Inevitably, the People’s Liberation Army leadership is seeking to further extend its influence under the incoming regime, especially over the PAP and the resources it commands. Consequently, it has manufactured some serious territorial disputes with Japan, Vietnam, and the Philippines, and in September it sponsored a large demonstration against the Japanese embassy.

At stake is power over China’s economy, which is increasingly being centralized in the hands of state-owned enterprises (SOEs) at the expense of private business firms, which have actually shrunk in number over the past decade. This policy to advance the state sector while forcing a retreat of the non-state sector was adopted after the Tiananmen Square and other mass protests in 1989, and is apparently meant to ensure that an economically and politically influential middle class (i.e., a ‘bourgeoisie’, in Marxist-Leninist terminology) cannot emerge in China to threaten the CCP hold on state power.

Under this strategy, the path to wealth, status, and influence lies through the CCP, the state apparatus, and the corporations they control or are aligned with.  At least 1900 of the 2050 companies listed on Chinese stock exchanges are majority state-owned, and there are now about 150,000 SOEs, strategically positioned in every major sector of the economy, including the vital banking and finance sector, along with energy and mining, property development, infrastructure, information and communication technology, and biotechnology.  These SOEs account for over 75% of all bank lending in China, while the 4.5 million private businesses make do with less than 10 per cent. SOE revenue has increased some 15-25% annually under the present regime while household incomes stagnate at around 2-4%.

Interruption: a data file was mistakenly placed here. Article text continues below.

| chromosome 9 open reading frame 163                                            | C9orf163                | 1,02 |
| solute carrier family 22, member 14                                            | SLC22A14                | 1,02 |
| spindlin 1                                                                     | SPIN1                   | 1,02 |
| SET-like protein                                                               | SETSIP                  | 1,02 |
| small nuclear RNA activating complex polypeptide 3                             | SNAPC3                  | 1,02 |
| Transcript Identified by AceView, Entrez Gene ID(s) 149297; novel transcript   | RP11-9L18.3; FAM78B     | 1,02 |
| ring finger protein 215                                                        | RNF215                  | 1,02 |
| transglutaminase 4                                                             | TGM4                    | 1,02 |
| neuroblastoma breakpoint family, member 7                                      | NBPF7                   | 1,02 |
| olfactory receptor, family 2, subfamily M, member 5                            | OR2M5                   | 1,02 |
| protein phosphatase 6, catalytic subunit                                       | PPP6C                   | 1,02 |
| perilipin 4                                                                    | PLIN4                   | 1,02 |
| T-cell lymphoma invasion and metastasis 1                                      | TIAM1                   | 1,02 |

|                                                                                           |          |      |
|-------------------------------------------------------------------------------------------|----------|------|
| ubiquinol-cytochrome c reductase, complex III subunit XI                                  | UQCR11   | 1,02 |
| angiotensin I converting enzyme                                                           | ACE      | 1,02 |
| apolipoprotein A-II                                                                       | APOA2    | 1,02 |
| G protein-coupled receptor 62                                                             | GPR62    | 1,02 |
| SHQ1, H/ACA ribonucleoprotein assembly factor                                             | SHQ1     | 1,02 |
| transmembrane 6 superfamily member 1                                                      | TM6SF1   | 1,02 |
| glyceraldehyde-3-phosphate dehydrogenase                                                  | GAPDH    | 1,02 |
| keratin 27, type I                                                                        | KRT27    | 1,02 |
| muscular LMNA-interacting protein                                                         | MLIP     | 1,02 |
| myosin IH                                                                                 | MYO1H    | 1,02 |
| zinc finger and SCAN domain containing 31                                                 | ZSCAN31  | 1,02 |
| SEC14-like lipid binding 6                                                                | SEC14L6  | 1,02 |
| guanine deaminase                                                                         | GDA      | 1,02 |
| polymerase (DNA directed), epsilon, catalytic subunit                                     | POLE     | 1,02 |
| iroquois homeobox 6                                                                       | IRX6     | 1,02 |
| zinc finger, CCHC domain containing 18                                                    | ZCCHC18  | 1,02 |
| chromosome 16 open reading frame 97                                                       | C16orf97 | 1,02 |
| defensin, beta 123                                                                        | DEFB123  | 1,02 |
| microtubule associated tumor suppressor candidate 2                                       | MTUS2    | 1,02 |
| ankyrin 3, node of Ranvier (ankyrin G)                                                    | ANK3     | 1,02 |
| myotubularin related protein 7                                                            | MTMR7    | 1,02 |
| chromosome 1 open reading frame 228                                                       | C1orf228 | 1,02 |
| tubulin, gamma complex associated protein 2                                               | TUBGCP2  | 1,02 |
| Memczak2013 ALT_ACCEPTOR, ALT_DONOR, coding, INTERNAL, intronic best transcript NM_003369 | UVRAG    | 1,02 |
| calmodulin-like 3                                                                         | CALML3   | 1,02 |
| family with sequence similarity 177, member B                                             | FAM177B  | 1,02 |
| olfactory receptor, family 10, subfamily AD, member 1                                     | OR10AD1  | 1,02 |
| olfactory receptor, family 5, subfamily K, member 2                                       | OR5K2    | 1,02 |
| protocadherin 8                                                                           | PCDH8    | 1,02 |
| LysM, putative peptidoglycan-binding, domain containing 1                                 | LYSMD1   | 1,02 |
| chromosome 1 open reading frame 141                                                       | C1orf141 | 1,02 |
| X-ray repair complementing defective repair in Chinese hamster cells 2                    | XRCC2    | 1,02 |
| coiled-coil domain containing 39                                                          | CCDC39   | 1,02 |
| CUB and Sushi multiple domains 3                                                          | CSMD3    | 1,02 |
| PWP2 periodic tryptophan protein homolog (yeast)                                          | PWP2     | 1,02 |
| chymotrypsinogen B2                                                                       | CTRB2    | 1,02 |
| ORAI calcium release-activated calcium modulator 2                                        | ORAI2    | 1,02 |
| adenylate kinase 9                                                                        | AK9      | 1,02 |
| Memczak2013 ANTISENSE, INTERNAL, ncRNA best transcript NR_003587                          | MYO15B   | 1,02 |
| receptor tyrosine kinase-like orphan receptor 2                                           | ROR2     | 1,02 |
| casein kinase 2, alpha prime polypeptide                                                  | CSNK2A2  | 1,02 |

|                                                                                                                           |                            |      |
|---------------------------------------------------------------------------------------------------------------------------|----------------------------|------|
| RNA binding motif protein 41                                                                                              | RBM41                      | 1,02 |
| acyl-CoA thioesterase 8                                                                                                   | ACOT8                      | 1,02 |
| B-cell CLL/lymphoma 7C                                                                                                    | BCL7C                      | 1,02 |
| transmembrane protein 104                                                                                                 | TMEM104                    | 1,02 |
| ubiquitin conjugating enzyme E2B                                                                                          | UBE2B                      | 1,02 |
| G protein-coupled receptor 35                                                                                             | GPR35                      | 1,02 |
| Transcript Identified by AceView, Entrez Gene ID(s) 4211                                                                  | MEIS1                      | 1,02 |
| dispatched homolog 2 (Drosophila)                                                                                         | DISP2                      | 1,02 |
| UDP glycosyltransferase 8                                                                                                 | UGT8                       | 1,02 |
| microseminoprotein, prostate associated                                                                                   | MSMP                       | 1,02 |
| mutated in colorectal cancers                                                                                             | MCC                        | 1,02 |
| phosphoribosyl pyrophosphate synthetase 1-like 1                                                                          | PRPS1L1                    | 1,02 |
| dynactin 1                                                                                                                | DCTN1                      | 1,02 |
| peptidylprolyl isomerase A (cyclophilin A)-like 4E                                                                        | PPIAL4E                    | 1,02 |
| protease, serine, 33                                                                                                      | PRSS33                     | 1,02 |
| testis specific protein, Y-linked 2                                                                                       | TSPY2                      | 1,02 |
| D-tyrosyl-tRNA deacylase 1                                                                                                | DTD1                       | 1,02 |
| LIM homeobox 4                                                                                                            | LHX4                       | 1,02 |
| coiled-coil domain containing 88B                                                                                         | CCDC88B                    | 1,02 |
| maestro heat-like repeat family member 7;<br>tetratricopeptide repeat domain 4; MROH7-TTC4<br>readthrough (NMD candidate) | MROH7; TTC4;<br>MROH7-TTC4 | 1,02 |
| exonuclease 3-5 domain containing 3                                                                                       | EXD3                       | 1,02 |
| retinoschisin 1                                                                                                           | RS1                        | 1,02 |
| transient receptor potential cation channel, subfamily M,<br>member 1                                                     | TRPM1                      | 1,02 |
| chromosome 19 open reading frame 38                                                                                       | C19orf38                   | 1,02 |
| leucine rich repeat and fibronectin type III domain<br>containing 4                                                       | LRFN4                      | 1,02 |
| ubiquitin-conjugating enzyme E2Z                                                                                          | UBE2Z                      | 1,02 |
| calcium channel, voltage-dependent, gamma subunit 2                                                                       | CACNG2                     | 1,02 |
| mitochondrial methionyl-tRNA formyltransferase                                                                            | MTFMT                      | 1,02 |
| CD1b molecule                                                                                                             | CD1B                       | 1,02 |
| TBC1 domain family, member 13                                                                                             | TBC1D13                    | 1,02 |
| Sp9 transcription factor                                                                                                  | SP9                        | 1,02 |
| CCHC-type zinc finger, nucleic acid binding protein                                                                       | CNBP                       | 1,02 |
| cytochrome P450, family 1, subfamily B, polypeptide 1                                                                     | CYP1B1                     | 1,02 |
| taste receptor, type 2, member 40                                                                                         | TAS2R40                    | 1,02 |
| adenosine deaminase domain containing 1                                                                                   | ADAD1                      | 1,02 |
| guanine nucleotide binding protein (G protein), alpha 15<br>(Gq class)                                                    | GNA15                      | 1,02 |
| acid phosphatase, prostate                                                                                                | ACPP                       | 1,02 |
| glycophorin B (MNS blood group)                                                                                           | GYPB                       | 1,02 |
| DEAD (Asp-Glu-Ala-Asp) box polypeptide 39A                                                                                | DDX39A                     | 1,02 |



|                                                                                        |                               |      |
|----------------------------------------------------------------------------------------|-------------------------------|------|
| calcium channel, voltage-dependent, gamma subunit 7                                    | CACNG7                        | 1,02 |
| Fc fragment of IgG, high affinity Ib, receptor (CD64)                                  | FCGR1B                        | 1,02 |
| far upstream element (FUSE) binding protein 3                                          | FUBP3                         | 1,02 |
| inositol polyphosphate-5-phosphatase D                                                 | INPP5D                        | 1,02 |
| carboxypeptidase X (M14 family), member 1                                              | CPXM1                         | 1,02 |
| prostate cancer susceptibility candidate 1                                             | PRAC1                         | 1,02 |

The task of the PAP and its associated internal security agencies is to ensure that the Chinese masses do not become politically burdensome as the economy continues to be transformed to suit the interests of the CCP, the SOEs, and their legion of cadres and hangers-on. Certainly the potential for unrest should not be under-estimated. After all, some 500 million Chinese still live on $100 a year or less, while their premier has allegedly amassed $2.6 billion in personal wealth and CCP apparatchiks enrich themselves on a grand scale. Similarly, reputable studies indicate that since 2000 at least 40 million families have had their land confiscated for development without compensation. In September, a Chinese court heard a case against seven people who had the temerity to protest against such action by kneeling before a Chinese flag in Tiananmen Square: they were found guilty and sentenced to hard labour in a prison camp.

Such is the regime that Gillard and her advisors have entrenched at the centre of their vision for Australia in the Asian Century. Opportunism and desperation could possibly excuse their inability or unwillingness to perceive the true nature of the Chinese Miracle. However, the deeper concern is that Gillard and other Labor Party apparatchiks are quite comfortable with snuggling up to the Chinese regime, and simply see nothing wrong with a political system based on the mis-use of state power, patronage, corruption and nepotism. After all, that is the path that took them to power in their own country.